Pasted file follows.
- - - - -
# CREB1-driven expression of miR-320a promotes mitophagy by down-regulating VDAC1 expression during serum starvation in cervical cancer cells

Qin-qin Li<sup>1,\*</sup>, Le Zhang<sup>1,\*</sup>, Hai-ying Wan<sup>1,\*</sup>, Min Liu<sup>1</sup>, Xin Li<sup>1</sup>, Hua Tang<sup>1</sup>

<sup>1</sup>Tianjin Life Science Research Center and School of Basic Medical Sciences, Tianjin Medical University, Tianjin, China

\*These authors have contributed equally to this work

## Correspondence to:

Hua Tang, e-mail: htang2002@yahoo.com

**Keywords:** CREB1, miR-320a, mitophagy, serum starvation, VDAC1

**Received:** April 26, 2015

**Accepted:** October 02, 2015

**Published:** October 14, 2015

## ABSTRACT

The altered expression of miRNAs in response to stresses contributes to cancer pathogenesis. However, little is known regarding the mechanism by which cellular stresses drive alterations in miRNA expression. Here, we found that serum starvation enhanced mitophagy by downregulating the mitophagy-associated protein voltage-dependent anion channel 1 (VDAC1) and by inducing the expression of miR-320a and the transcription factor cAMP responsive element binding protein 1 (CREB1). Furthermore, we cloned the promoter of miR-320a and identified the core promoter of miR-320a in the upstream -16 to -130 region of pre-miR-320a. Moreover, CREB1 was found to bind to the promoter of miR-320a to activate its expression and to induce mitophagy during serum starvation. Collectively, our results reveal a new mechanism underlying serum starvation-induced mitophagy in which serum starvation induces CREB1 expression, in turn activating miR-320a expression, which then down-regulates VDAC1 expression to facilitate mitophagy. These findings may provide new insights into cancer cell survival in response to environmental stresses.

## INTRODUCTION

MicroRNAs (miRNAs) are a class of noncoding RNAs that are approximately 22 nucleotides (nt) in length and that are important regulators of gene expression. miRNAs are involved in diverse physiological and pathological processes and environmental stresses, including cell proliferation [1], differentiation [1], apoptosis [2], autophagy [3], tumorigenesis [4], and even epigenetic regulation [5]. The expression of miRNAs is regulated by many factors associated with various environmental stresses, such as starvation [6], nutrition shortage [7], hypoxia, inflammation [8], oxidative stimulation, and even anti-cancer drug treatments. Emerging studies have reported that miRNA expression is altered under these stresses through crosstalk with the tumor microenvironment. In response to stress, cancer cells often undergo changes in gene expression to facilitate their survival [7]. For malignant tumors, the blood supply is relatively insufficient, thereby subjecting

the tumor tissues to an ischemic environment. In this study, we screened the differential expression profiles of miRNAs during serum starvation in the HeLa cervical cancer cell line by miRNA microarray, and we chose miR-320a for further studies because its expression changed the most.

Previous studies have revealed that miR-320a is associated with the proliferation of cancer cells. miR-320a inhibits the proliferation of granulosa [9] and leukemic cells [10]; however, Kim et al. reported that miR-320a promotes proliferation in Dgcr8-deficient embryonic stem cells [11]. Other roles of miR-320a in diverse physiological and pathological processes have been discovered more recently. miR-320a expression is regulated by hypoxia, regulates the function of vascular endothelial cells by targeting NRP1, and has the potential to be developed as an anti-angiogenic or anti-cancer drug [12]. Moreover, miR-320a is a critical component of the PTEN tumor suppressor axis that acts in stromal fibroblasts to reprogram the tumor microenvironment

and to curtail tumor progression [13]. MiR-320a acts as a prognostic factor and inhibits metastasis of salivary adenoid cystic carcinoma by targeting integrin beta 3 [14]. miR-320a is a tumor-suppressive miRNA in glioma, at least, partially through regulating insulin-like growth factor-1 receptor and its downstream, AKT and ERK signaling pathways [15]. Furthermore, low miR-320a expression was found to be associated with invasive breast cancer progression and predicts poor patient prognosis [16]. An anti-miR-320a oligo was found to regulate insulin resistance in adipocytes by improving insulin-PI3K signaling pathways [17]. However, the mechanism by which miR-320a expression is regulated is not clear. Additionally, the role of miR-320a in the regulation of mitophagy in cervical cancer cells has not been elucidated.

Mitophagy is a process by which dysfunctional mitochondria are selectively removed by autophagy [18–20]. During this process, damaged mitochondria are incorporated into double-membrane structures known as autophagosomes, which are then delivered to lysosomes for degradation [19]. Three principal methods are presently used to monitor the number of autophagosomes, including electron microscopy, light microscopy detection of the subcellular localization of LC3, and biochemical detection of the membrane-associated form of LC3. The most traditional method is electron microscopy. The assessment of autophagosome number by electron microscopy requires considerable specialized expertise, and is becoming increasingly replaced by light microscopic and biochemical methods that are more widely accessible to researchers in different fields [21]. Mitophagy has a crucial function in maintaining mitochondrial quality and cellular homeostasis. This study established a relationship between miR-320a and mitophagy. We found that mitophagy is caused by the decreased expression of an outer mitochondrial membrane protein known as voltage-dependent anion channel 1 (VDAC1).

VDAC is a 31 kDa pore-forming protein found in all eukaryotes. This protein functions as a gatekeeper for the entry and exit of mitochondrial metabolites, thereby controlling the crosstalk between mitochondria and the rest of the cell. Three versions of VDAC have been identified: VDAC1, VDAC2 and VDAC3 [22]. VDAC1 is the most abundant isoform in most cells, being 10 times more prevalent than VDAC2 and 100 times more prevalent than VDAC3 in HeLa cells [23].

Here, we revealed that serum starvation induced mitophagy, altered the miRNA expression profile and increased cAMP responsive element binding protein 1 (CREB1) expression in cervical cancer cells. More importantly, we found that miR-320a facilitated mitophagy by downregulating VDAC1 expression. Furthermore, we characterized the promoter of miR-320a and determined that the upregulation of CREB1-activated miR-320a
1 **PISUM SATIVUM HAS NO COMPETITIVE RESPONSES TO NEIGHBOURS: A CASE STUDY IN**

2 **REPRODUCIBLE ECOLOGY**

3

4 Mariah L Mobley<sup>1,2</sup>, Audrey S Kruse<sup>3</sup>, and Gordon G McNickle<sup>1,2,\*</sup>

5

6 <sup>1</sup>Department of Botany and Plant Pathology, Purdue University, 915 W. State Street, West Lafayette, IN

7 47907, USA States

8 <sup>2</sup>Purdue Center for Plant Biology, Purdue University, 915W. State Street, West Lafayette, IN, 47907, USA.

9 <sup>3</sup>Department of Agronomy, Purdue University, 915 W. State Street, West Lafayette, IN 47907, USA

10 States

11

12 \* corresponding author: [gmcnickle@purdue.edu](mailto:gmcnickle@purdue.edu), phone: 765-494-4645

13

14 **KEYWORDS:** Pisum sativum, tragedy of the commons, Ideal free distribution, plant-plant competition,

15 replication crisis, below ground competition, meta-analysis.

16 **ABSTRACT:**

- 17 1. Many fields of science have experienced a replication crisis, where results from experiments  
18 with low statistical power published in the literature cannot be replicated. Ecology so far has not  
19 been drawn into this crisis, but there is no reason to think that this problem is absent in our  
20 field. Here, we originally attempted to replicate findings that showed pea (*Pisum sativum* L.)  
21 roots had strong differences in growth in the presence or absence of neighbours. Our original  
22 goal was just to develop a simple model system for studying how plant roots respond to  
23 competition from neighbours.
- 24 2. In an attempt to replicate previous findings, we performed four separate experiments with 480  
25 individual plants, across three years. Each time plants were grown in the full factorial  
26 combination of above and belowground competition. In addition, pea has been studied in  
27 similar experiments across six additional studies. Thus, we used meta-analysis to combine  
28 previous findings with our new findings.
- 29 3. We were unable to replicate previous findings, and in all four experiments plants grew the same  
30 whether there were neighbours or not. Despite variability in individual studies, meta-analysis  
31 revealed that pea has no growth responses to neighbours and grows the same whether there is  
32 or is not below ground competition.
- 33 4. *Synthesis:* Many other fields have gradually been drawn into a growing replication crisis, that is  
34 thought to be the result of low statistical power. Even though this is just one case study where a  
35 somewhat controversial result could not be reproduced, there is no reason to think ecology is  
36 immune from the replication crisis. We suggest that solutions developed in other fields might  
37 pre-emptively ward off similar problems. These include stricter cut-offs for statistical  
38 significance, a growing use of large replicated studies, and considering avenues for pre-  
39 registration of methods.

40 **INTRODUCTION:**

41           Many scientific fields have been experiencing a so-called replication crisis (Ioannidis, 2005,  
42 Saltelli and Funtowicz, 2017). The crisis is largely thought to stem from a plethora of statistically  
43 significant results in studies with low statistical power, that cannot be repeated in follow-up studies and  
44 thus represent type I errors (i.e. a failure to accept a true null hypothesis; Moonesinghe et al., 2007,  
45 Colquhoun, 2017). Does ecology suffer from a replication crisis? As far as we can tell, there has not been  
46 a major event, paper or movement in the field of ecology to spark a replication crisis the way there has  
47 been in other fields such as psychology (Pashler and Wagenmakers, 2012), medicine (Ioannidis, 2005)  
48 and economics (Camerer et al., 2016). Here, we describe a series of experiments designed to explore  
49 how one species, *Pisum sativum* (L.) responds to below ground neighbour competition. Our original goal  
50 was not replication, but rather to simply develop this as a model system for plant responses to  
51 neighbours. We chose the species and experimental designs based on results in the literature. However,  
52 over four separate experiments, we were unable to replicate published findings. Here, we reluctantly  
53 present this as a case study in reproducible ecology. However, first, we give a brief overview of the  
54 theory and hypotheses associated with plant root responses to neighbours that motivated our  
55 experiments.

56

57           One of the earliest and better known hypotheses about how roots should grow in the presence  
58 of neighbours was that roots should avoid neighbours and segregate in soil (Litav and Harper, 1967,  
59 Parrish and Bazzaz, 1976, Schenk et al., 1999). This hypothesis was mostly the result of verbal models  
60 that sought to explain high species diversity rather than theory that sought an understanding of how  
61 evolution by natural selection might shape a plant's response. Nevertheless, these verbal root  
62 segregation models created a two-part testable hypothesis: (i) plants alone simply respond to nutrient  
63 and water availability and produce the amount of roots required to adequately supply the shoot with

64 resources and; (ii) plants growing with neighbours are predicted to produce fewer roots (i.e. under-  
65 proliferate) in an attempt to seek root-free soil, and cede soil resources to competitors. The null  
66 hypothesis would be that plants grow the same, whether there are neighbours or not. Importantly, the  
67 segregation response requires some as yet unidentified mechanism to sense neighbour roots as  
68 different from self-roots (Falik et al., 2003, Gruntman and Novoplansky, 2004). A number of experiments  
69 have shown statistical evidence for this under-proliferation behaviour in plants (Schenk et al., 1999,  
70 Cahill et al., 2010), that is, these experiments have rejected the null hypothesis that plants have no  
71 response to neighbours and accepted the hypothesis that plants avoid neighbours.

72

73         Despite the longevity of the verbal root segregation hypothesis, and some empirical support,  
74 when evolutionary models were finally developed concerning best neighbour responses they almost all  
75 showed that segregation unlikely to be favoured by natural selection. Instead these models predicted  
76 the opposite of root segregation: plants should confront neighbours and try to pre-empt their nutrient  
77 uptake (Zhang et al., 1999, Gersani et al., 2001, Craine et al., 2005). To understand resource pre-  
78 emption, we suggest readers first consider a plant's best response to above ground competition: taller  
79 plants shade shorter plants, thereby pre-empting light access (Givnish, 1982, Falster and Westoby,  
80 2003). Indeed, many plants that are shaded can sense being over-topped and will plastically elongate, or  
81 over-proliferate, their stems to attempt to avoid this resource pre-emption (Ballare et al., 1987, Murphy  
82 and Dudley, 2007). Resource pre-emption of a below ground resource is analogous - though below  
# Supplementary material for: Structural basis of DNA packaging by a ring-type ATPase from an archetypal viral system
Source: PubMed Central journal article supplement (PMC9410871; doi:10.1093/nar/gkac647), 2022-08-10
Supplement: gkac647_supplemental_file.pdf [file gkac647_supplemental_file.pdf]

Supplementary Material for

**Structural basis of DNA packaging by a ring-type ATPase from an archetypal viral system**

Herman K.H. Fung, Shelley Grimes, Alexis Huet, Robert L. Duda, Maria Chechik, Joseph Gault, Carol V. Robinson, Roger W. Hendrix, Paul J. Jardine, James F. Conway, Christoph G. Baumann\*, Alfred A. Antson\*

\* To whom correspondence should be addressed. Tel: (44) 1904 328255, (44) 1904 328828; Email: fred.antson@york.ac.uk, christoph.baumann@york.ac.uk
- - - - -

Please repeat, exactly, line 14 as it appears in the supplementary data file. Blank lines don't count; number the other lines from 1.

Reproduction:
MicroRNAs (miRNAs) are a class of noncoding RNAs that are approximately 22 nucleotides (nt) in length and that are important regulators of gene expression. miRNAs are involved in diverse physiological and pathological processes and environmental stresses, including cell proliferation [1], differentiation [1], apoptosis [2], autophagy [3], tumorigenesis [4], and even epigenetic regulation [5]. The expression of miRNAs is regulated by many factors associated with various environmental stresses, such as starvation [6], nutrition shortage [7], hypoxia, inflammation [8], oxidative stimulation, and even anti-cancer drug treatments. Emerging studies have reported that miRNA expression is altered under these stresses through crosstalk with the tumor microenvironment. In response to stress, cancer cells often undergo changes in gene expression to facilitate their survival [7]. For malignant tumors, the blood supply is relatively insufficient, thereby subjecting